The board committed to doubling the number of women and minority members in the academy by 2020.
AMPAS President Cheryl Boone Isaacs announced the plan Friday after many of Hollywood’s A-listers slammed the organization for their all-white award nominees. “The Academy is going to lead and not wait for the industry to catch up,” she said in a statement.
The board approved reforms late Thursday to “begin the process of significantly changing our membership composition,” Isaacs explained.
It also approved a series of changes limiting members’ lifetime voting rights. “Beginning later this year, each new member’s voting status will last 10 years, and will be renewed if that new member has been active in motion pictures during that decade,” the academy statement said. “In addition, members will receive lifetime voting rights after three 10-year terms; or if they have won or been nominated for an Academy Award. We will apply these same standards retroactively to current members. In other words, if a current member has not been active in the last 10 years they can still qualify by meeting the other criteria. Those who do not qualify for active status will be moved to emeritus status. Emeritus members do not pay dues but enjoy all the privileges of membership, except voting. This will not affect voting for this year’s Oscars. ”
The move follows pledges by director Spike Lee and actors Will Smith and Jada Pinkett Smith to stay home from the Oscar telecast on Feb. 28, and calls for a boycott of the show online.
For the last three years, the awards body has been in the midst of a push for more diversity, inviting larger and demographically broader groups to join its 6,261 voting members. But given the size of the academy, and the fact that members belong for life, any change to the organization’s overall demographics had been incremental.
The academy will also launch a campaign to identify and recruit new members who represent greater diversity, the statement said, and will add new members who are not governors to its executive and board committees to influence key decisions about membership.
“Murder Town,” a legal drama to be exec produced by star Jada Pinkett Smith, has landed at ABC as a put pilot, Variety has learned.
The potential series hails from A+E Studios and marks the first project to be sold to a network outside the A+E Networks portfolio.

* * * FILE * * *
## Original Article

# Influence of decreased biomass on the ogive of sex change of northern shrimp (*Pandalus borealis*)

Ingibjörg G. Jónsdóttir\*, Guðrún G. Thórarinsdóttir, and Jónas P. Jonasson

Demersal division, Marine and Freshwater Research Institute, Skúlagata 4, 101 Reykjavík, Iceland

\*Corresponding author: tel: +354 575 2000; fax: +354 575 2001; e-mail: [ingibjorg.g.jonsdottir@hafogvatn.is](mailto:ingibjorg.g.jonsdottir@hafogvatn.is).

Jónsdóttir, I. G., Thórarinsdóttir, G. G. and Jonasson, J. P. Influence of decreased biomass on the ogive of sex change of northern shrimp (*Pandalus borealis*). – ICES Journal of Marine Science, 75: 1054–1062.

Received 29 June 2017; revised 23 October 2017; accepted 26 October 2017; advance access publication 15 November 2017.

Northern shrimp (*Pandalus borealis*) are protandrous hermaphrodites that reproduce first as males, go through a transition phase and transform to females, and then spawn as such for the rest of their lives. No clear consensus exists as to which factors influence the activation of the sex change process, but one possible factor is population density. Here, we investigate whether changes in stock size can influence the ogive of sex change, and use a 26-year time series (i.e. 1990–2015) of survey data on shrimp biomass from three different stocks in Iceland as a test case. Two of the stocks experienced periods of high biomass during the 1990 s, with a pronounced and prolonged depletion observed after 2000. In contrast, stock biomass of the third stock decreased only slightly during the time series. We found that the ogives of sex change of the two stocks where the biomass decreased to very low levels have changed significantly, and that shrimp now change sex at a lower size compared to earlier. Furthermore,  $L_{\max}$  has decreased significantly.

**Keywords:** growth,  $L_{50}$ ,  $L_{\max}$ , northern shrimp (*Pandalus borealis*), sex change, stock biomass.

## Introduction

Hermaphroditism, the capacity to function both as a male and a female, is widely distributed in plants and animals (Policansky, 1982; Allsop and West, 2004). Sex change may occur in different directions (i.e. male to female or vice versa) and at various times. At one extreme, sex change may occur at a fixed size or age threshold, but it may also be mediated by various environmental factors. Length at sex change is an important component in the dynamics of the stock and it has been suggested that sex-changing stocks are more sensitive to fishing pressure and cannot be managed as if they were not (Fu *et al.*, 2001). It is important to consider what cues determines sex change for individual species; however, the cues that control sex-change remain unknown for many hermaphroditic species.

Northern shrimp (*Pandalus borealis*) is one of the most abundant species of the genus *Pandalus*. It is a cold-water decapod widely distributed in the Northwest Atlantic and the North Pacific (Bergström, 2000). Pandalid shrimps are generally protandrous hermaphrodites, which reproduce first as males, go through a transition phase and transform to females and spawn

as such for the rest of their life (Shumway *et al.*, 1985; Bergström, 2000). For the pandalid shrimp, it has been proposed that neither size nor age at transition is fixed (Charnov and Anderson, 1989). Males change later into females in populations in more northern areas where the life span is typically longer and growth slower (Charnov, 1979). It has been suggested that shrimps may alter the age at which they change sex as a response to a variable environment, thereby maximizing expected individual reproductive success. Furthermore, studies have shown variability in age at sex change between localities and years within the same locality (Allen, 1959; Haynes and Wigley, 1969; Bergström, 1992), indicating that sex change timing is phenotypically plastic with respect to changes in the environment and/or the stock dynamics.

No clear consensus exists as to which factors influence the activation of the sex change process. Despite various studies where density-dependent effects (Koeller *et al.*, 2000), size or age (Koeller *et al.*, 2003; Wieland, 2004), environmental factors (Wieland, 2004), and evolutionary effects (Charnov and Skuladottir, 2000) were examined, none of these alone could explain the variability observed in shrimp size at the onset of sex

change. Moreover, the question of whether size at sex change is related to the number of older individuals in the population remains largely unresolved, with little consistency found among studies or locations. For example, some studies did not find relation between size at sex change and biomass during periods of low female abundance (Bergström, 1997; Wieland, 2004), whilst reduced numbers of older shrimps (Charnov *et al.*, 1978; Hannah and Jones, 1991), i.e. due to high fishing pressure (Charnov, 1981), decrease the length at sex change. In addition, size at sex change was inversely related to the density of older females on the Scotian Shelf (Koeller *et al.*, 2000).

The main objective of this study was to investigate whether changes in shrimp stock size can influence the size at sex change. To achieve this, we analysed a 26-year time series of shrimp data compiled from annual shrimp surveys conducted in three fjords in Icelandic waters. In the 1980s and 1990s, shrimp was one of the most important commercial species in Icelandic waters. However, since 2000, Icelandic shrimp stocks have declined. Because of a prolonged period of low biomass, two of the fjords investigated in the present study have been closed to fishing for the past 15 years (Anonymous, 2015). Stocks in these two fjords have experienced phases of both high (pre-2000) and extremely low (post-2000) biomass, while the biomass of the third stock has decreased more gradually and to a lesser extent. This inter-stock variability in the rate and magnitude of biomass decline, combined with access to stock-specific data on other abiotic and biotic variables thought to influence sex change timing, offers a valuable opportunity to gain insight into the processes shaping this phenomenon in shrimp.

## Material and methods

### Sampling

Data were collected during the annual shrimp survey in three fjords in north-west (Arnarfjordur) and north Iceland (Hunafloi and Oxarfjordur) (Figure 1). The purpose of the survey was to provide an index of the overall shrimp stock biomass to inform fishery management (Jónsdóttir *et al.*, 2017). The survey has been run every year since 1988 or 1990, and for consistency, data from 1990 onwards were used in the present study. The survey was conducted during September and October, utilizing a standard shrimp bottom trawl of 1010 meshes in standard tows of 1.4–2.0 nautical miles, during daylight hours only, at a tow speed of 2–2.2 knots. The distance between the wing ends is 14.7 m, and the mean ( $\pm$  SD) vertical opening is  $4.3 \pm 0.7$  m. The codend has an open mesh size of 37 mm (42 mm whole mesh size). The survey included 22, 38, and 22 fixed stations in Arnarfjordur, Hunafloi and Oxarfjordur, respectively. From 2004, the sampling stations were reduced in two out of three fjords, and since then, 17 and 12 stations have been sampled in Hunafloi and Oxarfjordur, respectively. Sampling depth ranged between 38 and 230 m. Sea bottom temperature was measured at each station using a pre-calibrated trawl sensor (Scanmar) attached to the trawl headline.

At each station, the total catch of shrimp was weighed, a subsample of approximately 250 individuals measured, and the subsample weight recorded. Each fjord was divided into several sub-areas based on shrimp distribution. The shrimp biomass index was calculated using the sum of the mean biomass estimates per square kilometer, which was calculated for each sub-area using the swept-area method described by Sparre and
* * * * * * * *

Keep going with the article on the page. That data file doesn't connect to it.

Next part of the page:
Pinkett Smith will star as a complicated prosecutor who makes history as Wilmington, Delaware’s first African-American District Attorney. She finds herself confronted by old loyalties and loves, a shocking revelation about her murdered husband and a polarizing, racially-charged case that threatens to burn her and her city to the ground.
Barry Schindel (“Intelligence,” “Numb3rs”) penned the pilot, which is based on an original script by Rob Fresco. “Murder Town” marks a reunion for the writer/producer and ABC, as he has worked on the network’s long-running crime drama “Castle.”
Schindel will executive produce with Pinkett Smith, plus Miguel Melendez. Overbrook Entertainment will produce with A+E Studios.
Sixteen-year-old actress (and more) Amandla Stenberg has launched a new comic book franchise titled “NIOBE: She is Life,” which she co-wrote with Sebastian A. Jones, and is illustrated by Ashley A. Woods, with a layout by Darrell May.
It’ll be published via Los Angeles-based Stranger Comics (founded by Jones) – a multi-platform company which seeks to produce and distribute narratives about the experiences of people of color, via different artistic mediums; comic books being one of them obviously.
May serves as the company’s art director.
The official synopsis for the “NIOBE: She is Life” describes it as a coming of age tale of love, betrayal, and ultimate sacrifice: “Niobe Ayutami is an orphaned wild elf teenager and also the would-be savior of the vast and volatile fantasy world of Asunda. She is running from a past where the Devil himself would see her damned… toward an epic future that patiently waits for her to bind nations against the hordes of hell. The weight of prophecy is heavy upon her shoulders and the wolf is close on her heels.”
“I was drawn to give voice to Niobe and co-write her story because her journey is my journey. I connect to her mixed racial background and quest to discover her innate powers and strengths, to learn who she truly is,” Stenberg told The Huffington Post.
Stenberg first became involved with the project when she met Stranger Comics founder Jones at the Mixed Remixed Festival – an annual celebration of people of mixed race heritage through the cultural arts.
Jones added: “It did not take long for me to know she was the person I needed to develop; she’s the most beloved character in a franchise I have been brewing for more than two decades – a hero that has the weight of the world on her winged shoulders, a woman who will bind nations.”
Niobe first appeared in Jones’ series “The Untamed,” which follows the story’s protagonist, known as The Stranger, and his quest to seek vengeance for the deaths of his wife and daughter.
“She [Niobe] is on a path to a destiny that will test her faith and her will, something we can all relate to,” said Stenberg, “But there’s never been a character quite like her – one who shatters the traditional ideal of what a hero is. We need more badass girls!”
“NIOBE” is scheduled for release in November alongside “The Untamed” graphic novel.
By the way, it may just be a coincidence, but Niobe also happens to be the name of the character Jada Pinkett Smith played in “The Matrix Reloaded” and “The Matrix Revolutions,” and one of the protagonists of video game “Enter the Matrix.” And she certainly was a “badass girl,” to use Stenberg’s words.